"Do I feel pressure? Nah, not really."
Princepal Singh doesn't do flustered. It's been five years since Satnam Singh became the first Indian to get drafted into an NBA team, but Princepal - Indian men's basketball's brightest prospect - doesn't feel the comparisons with the path-breaking Satnam are weighing him down. Currently into the second year of his two-year stint at the NBA Academy in Canberra, Australia, he is the only Indian among the 12 elite players in his batch.
Speaking to ESPN after a tournament held in Las Vegas which saw the Academy face off against elite teams from across the United States, he sounds just about as unfazed by the whole shindig as he had been when he last spoke to us.
A man of few words, his dry drawl occasionally rises to a slightly more excitable pitch when the questions veer off the beaten path of 'how-did-you-start-playing-basketball?' to more specific details on his game and his training.
You can hear it when he speaks about how he loves the one hour of shooting he starts every day with. About how hard, yet satisfying, the four hours of gym plus team training is. About how playing day-in, day-out against other elite trainees has him constantly pushing his own boundaries. About how he studies and tries to model his game on that of his idol, LA Lakers superstar Anthony Davis.
A year into his training at the Academy, he believes he has come a long way and learnt quite a bit. He talks about how he is constantly improving his game.
Chris Ebersole, NBA Senior Director, Elite Basketball Operations, agrees with Princepal's self-assessment. "Every time I see Prince play in-person, I notice he has improved some part of his game. I think it has been invaluable for him to play and train alongside top prospects from all over the world. You can tell he is not only developing fundamental parts of his game including his touch, shot and inside game, but he's also picking up intangibles such as toughness, hustle and basketball IQ," Ebersole tells ESPN.
At 6'10", Princepal is one big 18-year-old, but he is aware that size alone isn't enough to cut it at the very top.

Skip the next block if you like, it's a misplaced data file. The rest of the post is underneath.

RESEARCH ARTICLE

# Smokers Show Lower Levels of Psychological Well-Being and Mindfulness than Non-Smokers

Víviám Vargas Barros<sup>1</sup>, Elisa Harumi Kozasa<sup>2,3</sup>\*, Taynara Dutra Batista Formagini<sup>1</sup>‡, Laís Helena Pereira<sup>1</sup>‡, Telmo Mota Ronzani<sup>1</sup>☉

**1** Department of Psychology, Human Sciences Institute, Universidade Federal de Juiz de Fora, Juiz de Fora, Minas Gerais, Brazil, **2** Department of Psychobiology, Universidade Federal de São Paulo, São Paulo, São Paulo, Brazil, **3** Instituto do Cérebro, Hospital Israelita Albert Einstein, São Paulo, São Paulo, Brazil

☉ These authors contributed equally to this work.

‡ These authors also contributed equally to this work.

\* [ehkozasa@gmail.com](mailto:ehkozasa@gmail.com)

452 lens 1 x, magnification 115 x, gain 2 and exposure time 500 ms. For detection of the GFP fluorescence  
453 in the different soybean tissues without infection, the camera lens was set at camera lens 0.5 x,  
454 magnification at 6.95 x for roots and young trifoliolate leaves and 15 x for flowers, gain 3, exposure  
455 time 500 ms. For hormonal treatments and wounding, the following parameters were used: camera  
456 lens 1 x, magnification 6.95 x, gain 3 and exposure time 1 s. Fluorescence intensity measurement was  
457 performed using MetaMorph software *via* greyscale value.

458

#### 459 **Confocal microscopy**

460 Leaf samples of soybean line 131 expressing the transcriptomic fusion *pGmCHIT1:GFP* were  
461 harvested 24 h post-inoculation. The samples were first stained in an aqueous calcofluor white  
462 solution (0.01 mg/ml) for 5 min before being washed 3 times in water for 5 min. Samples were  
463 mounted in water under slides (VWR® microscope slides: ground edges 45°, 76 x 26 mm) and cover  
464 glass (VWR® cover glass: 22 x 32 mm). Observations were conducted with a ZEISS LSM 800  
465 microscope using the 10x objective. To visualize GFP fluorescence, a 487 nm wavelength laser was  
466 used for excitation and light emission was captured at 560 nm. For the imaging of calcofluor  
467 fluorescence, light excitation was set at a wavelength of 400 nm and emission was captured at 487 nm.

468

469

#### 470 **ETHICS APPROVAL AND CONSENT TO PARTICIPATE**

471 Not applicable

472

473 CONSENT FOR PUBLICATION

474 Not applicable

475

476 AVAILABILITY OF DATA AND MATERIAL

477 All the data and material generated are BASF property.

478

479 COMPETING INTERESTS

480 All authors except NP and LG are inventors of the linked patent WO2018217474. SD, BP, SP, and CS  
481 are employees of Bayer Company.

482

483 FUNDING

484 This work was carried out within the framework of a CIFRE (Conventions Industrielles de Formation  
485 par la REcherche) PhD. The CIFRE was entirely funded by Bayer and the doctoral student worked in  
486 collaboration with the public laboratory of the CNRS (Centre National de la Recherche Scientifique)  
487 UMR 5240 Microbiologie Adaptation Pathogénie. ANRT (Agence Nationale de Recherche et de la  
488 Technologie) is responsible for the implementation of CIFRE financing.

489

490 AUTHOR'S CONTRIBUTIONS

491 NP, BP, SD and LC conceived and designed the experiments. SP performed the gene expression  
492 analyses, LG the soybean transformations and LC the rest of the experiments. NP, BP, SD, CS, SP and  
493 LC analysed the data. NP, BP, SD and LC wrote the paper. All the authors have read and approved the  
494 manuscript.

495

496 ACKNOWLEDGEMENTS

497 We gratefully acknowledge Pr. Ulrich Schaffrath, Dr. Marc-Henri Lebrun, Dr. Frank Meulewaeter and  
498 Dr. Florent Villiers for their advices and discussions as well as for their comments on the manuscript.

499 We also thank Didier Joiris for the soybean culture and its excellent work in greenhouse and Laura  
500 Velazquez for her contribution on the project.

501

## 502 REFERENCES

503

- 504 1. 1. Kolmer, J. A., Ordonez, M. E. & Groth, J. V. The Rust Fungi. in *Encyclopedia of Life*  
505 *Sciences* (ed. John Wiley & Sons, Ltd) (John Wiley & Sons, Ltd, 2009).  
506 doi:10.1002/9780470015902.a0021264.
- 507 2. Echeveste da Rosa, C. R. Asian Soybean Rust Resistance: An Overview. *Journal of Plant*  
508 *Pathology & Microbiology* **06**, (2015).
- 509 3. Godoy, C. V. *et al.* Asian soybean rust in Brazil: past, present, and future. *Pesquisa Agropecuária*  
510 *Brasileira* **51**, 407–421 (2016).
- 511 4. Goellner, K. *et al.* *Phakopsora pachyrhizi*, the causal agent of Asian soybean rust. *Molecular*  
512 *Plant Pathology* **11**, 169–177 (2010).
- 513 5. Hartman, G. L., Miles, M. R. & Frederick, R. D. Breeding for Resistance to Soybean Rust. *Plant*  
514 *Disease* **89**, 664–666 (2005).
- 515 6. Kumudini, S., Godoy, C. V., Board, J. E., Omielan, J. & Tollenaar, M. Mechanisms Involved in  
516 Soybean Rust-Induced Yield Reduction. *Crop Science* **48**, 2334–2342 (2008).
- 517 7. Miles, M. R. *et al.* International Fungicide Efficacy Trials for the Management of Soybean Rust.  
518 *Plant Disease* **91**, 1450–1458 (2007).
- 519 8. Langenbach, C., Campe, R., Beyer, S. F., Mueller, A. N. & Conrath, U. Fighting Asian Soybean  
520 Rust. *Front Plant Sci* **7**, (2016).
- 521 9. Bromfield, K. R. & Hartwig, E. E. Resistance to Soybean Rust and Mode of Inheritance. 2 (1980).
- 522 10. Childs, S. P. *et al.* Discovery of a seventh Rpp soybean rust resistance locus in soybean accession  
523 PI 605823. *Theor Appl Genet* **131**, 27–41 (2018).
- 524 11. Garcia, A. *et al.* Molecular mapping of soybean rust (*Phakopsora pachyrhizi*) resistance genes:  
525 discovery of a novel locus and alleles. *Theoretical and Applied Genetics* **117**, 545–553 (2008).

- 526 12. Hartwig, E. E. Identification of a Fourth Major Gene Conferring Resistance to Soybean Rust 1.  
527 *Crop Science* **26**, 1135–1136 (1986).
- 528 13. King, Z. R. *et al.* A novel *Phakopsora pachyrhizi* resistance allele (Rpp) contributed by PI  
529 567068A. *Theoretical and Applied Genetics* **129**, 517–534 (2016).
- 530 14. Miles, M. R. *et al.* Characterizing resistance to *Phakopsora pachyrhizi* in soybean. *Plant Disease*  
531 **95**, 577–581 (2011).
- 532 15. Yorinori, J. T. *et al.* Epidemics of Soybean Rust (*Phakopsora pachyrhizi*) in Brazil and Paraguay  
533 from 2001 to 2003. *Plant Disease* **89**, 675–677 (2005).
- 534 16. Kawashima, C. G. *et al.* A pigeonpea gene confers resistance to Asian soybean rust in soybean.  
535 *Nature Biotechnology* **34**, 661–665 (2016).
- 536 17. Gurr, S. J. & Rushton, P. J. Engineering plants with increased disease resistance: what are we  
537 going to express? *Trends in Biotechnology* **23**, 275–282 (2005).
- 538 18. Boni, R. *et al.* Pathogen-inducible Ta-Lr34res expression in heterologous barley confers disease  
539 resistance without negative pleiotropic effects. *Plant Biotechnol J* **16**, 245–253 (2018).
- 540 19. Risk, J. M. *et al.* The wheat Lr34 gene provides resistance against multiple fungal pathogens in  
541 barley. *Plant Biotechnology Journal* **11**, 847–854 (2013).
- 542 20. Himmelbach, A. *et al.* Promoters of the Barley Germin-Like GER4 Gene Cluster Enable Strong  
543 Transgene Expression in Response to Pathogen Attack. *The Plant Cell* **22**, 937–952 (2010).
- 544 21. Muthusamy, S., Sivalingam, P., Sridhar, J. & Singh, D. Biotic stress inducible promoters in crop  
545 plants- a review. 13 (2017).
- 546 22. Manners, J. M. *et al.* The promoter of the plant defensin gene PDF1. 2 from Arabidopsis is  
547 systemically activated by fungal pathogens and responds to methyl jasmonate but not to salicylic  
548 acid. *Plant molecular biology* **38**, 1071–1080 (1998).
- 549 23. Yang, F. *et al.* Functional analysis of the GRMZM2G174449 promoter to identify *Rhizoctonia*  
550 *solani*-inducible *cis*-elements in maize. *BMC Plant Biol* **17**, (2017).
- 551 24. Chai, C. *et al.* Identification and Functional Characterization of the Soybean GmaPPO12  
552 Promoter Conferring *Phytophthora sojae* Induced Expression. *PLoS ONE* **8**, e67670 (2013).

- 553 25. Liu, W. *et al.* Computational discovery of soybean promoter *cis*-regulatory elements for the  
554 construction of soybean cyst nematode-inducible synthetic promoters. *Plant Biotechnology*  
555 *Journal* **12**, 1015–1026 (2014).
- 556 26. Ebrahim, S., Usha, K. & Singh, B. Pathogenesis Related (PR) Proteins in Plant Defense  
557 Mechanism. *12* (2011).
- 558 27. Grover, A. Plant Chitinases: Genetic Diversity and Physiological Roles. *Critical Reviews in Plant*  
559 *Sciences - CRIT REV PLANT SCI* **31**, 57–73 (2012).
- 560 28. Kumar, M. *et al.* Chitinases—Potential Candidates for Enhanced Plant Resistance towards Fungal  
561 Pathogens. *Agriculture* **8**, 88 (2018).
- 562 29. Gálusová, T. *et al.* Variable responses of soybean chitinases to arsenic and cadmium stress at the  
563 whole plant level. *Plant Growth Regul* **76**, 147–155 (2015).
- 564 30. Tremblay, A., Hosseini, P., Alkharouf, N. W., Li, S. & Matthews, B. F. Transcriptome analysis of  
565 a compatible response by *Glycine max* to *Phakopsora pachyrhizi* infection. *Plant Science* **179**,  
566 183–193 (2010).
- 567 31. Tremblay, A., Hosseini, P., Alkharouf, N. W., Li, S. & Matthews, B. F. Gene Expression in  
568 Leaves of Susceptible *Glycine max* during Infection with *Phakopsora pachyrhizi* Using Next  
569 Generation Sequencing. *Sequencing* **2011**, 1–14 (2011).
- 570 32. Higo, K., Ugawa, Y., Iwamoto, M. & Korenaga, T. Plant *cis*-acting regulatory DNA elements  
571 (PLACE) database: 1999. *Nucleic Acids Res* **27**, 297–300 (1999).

Over the past few years, the NBA has seen its big men evolve from mere mountains of muscle dominating the post and the restricted area. Youngsters such as Nikola Jokic and Giannis Antetokounmpo are redefining the role of the traditional big man. With this in mind, Princepal is paying greater attention to the drills that aim at improving his all-round game. "I have full confidence in my ball handling and dribbling skills, the training here is on NBA standards," he says.
Ebersole says the Academy is cognizant of this shift in dynamic and is adapting their training methods to meet this new challenge. "Big men in today's NBA are doing things that centres never previously could do or trained to do. Our basketball development curriculum is certainly designed to improve all areas of each player's game, so Prince and the rest of our big men are improving their passing, ball handling and shooting every day," he says.
He then details just why he believes Princepal is well suited to stay ahead of the curve.
"While Prince's strengths are certainly in the post and near the basket, I do think he has the potential to stretch the floor and play-make as he continues to develop. His combination of size, athleticism and touch makes him a really intriguing prospect," he says. "As Prince has previously talked about, prior to playing basketball he was a serious volleyball player, so his athleticism transitioned to basketball very naturally. He also has a great feel for the ball and a soft touch around the rim, which is rare to come by for a player his size."
Princepal's natural confidence certainly helps matters. Having only picked up the game when he was 14, to reach the levels he has within four years is quite remarkable. "I had no problems in learning the game, even though I had to start from the ABC of basketball. My coach [Jaipal Singh of the Ludhiana Basketball Academy] encouraged me and constantly told me that I was learning very fast."
No one in his village had even played basketball before he picked one up. No one, according to him, had pursued professional sport in his village before him. He went from learning the sport to representing his nation in just four years. It would have been understandable if it all got to his head.
"I haven't achieved anything in my career yet," he says. "I take it one step at a time. Winning the tournaments I enter, getting to Australia when this chance opened up, my goals are clear."
The Academy considers goal-setting, and achieving, an essential part of their curriculum. They strive to detail customized roadmaps for the future for its trainees. "Everyone's path and journey is different. Some of our student-athletes will go on to play in the NCAA - in fact, 20 NBA Academy graduates have received NCAA D1 scholarships - while others may play professionally either in the U.S. or around the world. It's all about what is best for the individual and how we can help him or her be put in a situation to succeed," says Ebersole.
Princepal has his path mapped out clearly in his head. There isn't a hint of hesitation in his voice when he talks about where he'll end up. There isn't any arrogance either; he mentions it with all the casual ease of a man stating an obvious fact. "I will play in the NBA".